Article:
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Work Taking Off On Airport’s Switch Into Car-Free Community

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Abandoned urban spaces have unlimited, untapped potential. As newer and more efficient buildings come up, cities can repurpose these plots of land into housing, office buildings, and public space. Berlin is trying to create a community that has all three and is sustainable and energy efficient — out of an airport.

The former Berlin Tegel Airport is transforming into Schumacher Quartier, a car-free area with 5,000 new homes. It joins a select group of former airports and airstrips that have or will be repurposed into eco-friendly neighborhoods. 

In 2021, the new Berlin Brandenburg Airport opened, closing Tegel and leaving behind a large plot of land and buildings. The state-owned business Tegel Projekt GmbH acquired the land, planning to build a new community that will be walkable, bikeable, and carbon-neutral. Schools, parks, stores, and public transportation will follow the housing construction, and the abandoned buildings will be converted into office spaces. All housing will be sustainable and socially equitable for all residents. 

Video Courtesy Berlin TXL

The timeline for Schumacher Quartier’s development will be more than a decade. So far, the project has begun to clear debris, including military equipment, and dedicated fall 2022 to start allocating land and working with residents on the design details for the 100-acre property. The project could be fully completed by the mid-2030s, but the apartments and education campus could be finished by 2027

Schumacher Quartier is part of a more extensive sustainability initiative known as Berlin TXL, which includes the Urban Tech Republic, the commercial aspect of this new community development.

The goal is to create eco-friendly living and business spaces in the city. Housing will contain wood sourced within Germany, reducing carbon dioxide emissions by 80%. The community open spaces will act as “sponges” to trap rainwater and prevent flooding.

“If the water evaporates on hot days, it cools the surrounding area — and if instead, it seeps in, it fills up the groundwater,”  Constanze Döll, press secretary for the Tegel Projekt, told Fast Company. “This self-contained system makes for local climate regulation, aided by many large-leaved, deciduous trees that act like natural air-conditioning systems.” Rather than using energy to run machines, Schumacher Quartier lets nature handle the job.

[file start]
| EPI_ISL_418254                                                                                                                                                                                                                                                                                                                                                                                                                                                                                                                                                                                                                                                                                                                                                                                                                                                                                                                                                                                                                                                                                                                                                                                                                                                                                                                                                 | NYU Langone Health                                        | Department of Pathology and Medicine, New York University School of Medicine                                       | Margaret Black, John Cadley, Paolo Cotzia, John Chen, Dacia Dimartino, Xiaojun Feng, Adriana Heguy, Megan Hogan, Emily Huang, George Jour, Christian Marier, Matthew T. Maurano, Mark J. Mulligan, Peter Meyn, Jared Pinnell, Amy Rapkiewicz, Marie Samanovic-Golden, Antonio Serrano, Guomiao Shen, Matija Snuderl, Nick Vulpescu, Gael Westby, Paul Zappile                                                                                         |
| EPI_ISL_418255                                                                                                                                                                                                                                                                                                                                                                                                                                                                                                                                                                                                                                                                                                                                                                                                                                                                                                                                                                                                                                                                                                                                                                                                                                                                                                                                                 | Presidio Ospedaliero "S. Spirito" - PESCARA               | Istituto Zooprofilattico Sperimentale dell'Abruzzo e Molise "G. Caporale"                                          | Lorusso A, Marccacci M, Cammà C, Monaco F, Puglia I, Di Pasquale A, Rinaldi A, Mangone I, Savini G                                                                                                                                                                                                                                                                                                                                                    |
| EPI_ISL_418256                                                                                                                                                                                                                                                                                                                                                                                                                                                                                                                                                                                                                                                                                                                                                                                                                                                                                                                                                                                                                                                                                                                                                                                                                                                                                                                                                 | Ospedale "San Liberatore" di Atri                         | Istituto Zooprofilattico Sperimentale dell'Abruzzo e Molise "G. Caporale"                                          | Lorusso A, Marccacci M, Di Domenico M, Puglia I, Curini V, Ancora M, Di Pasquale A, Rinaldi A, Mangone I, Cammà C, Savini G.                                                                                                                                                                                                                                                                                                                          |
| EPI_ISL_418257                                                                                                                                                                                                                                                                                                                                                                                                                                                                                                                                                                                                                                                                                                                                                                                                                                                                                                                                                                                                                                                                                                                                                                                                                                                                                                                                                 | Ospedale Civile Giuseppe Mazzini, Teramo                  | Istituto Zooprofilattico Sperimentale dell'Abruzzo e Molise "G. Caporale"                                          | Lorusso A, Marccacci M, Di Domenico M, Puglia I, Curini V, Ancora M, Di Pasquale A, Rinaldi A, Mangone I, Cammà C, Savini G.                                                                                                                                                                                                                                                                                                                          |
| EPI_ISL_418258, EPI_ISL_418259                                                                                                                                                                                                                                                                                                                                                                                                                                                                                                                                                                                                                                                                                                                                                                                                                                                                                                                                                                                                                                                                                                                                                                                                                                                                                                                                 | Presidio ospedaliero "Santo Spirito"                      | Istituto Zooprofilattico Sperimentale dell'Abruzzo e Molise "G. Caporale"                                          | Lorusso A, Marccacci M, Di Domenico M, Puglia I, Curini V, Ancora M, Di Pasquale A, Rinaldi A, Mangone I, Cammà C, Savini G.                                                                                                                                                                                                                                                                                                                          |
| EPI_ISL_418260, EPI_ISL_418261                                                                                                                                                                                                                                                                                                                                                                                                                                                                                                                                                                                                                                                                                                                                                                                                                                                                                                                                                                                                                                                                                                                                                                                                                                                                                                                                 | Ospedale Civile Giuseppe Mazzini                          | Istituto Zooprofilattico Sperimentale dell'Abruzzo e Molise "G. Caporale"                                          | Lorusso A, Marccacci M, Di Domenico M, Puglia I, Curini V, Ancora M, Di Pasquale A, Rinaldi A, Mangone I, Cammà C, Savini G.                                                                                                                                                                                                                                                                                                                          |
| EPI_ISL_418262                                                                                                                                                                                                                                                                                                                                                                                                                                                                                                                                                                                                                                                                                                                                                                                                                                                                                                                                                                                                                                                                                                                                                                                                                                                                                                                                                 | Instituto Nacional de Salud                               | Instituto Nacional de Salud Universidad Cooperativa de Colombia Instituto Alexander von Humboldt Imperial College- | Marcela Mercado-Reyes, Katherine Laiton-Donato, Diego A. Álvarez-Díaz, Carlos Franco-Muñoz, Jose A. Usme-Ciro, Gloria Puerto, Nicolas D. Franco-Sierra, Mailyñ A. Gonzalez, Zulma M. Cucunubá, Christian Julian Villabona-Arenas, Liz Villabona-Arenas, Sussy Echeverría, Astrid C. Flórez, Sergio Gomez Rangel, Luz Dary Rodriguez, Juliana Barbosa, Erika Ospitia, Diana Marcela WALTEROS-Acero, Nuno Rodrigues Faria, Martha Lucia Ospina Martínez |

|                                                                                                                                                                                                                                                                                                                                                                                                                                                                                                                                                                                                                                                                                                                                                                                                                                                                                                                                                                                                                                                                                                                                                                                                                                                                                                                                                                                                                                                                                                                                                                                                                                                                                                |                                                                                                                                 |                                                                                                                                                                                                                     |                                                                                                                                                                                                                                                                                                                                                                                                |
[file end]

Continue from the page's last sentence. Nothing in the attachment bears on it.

Photo Courtesy Norbert Braun

Tegel is not the first airport to be repurposed for communal urban spaces. Another site, Tempelhof, was closed in 2008 and by 2010 was converted into a public park equipped with baseball fields, kite-flying areas, biking, and big events, including annual Formula E races since 2015. It is used as a creative area similar to the Meatpacking District in New York and Brompton Design District in London. 

Tempelhof also served as a bird habitat for the Eurasian skylark and served as the catalyst for future repurposing, as we see with Tegel.

These projects are not exclusive to Germany or Europe. In the U.S., a former Marine Corps airbase in Irvine, CA, was transformed from a soil contamination site into a park in just a few years.

Marine Corps Air Station El Tore (MCAS El Toro) was closed in 1999, and when discussing what to do with the military base, Irvine lobbied to have the area converted to a public park — and that’s what happened. The military sold the land in 2005 to a consortium called Heritage Fields LLC after the Navy’s intense soil remediation effort. 

The development plans for the 3,700-acre property included residential, golf courses, schools, and commercial spaces, and 1,375 acres were dedicated as a park. The area, known as the Great Park, opened in 2007. It contains many attractions, like a balloon site, sports and recreational facilities, and a water park.

The success of Tegel’s development can lead to more types of these sustainable projects worldwide in the future. However, it also signals a return to the past.

“The Schumacher Quartier is planned in such a way that the streets and squares belong to the people again, rather than to cars,” Döll said. “We want to let people rediscover the public space … for socializing, playgrounds, places to relax, and talk.”

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